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  • The Death of Aztec Tenochtitlan, the Life of Mexico City by Barbara E. Mundy
  • John K. Millhauser
The Death of Aztec Tenochtitlan, the Life of Mexico City. By Barbara E. Mundy. Austin: University of Texas Press, 2015.

Visit Mexico City and you will eventually arrive in the Zócalo, the enormous plaza at the city's historical center. Prominent buildings reinforce the political and religious power of the city over the last six hundred years. Here, the Templo Mayor of Tenochtitlan, the capital of the Aztec Empire, is exposed as a foundation of Mexico City, steps away from the Catedral Metropolitano and the Palacio Nacional. However, when you step outside of this historical enclave and are confronted by the overwhelming size of Mexico City, a narrative of conquest and replacement—political, religious and cultural—is hard to avoid.

In The Death of Aztec Tenochtitlan, the Life of Mexico City, Barbara Mundy carefully outlines an alternative to this narrative of complete replacement. Mundy contends that histories of Mexico City are often built on the assumption that its Indigenous trajectory ended with the Conquest. In contrast, she argues that, over the course of the sixteenth century, Indigenous residents made Tenochtitlan an integral part of Mexico City through their memories, lived experiences and spatial practices. Mundy acknowledges that the continuity of Indigenous culture, politics and economies is already well documented, but she points out that "to date, no one has focused extensively on the role of indigenous peoples in shaping the built environment and lived space in sixteenth-century Mexico City" (15). Her approach is a welcome addition that advances our knowledge of Mexico City, specifically, and colonial history more broadly.

The book follows a chronological sequence loosely bracketed by the founding of Tenochtitlan in the fourteenth century and the establishment of Mexico City as a seat of colonial power over the sixteenth century. Mundy convincingly establishes continuities in the spaces and spatial practices between Tenochtitlan and Mexico City. She shows how the leaders of the Aztec Empire legitimized their power by manipulating the built environment and spatial practices such as controlling the flow of water (flood prevention and aqueducts) and creating symbolic resonance between the body of the leader and the spaces of the city through processions and monuments. These strategies persisted after the Conquest through the actions of Indigenous leaders who maintained roles in the administration of the city's infrastructure, population, markets, economy, religious life, and growth.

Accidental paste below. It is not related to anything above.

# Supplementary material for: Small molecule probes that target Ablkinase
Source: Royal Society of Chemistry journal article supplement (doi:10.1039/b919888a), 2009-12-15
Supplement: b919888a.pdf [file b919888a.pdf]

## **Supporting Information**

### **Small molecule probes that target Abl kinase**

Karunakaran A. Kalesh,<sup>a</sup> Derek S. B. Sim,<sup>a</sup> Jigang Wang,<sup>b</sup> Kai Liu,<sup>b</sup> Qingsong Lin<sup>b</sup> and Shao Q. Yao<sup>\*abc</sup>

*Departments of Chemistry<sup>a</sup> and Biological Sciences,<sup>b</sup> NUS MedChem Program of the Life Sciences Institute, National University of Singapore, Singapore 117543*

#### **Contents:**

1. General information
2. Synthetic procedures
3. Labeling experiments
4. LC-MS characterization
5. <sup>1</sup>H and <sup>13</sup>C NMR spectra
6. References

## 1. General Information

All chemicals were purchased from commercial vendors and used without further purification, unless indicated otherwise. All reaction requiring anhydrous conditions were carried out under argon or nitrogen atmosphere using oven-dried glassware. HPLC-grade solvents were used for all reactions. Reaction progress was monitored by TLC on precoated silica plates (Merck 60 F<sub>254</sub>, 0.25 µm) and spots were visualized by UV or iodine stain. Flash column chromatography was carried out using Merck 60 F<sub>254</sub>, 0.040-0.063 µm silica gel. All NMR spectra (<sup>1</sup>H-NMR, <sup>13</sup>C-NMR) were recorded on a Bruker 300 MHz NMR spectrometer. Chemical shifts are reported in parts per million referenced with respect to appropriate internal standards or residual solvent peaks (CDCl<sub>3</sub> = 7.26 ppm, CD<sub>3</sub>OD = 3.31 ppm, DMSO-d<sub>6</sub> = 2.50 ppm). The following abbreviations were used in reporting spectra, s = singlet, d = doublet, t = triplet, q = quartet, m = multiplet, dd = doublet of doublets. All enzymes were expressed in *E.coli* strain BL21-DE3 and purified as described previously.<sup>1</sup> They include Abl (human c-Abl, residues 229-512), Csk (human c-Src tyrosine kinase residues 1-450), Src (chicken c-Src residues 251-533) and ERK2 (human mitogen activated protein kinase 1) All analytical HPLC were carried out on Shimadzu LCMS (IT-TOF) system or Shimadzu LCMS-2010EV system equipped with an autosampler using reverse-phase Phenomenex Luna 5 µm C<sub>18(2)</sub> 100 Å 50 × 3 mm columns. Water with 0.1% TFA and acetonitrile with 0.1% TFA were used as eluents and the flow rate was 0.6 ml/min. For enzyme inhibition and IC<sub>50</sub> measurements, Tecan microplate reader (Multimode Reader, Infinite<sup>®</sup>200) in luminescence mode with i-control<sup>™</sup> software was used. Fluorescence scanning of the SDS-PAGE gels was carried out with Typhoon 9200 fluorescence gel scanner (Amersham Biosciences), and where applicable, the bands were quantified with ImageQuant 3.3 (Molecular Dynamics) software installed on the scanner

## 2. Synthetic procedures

Mundy adeptly employs specific objects and documents (often focusing on one or two in a chapter) to disentangle the actors who vied for control of the spaces of Mexico City and the places where they focused their efforts: the tianguis (market), the tecpan (government palace), churches and processional routes. This rhetorical device is one of the book's strengths. Mundy builds on her expertise in the close analysis of maps, performances and artworks related to Mexico City. Not only does she offer insightful reinterpretations of well-known representations of the city's spaces, but she draws new connections from sources less obviously related to spatial practices, such as Aztec sculptures and feather paintings. Importantly, Mundy expands our corpus of sources by presenting previously unpublished or poorly published documents, like a map of the tianguis of Mexico (1580s), the Codex Osuna (1565) and the Genaro Garcia 30 documents (1554). More than eighty full-color images accompany the text and help the reader follow along as Mundy traces the histories of important places and draws out the unique qualities of each item by examining the history of its production, use and reception.

Mundy undertakes an ambitious theoretical reorientation toward the study of colonial spaces. In the introductory chapter, she establishes the central role that the spatial turn in social sciences will play in her work. She draws on scholars of everyday life, such as Henri Lefebvre and Michel de Certeau, and of social memory, such as Maurice Halbwachs and Paul Connerton. Everyday life scholars help her to reveal Indigenous agency through the lenses of the built environment, representations and conceptions of space, spatial practices and lived experience. Her discussion of the historical context of everyday life scholarship is especially illuminating, especially in terms...

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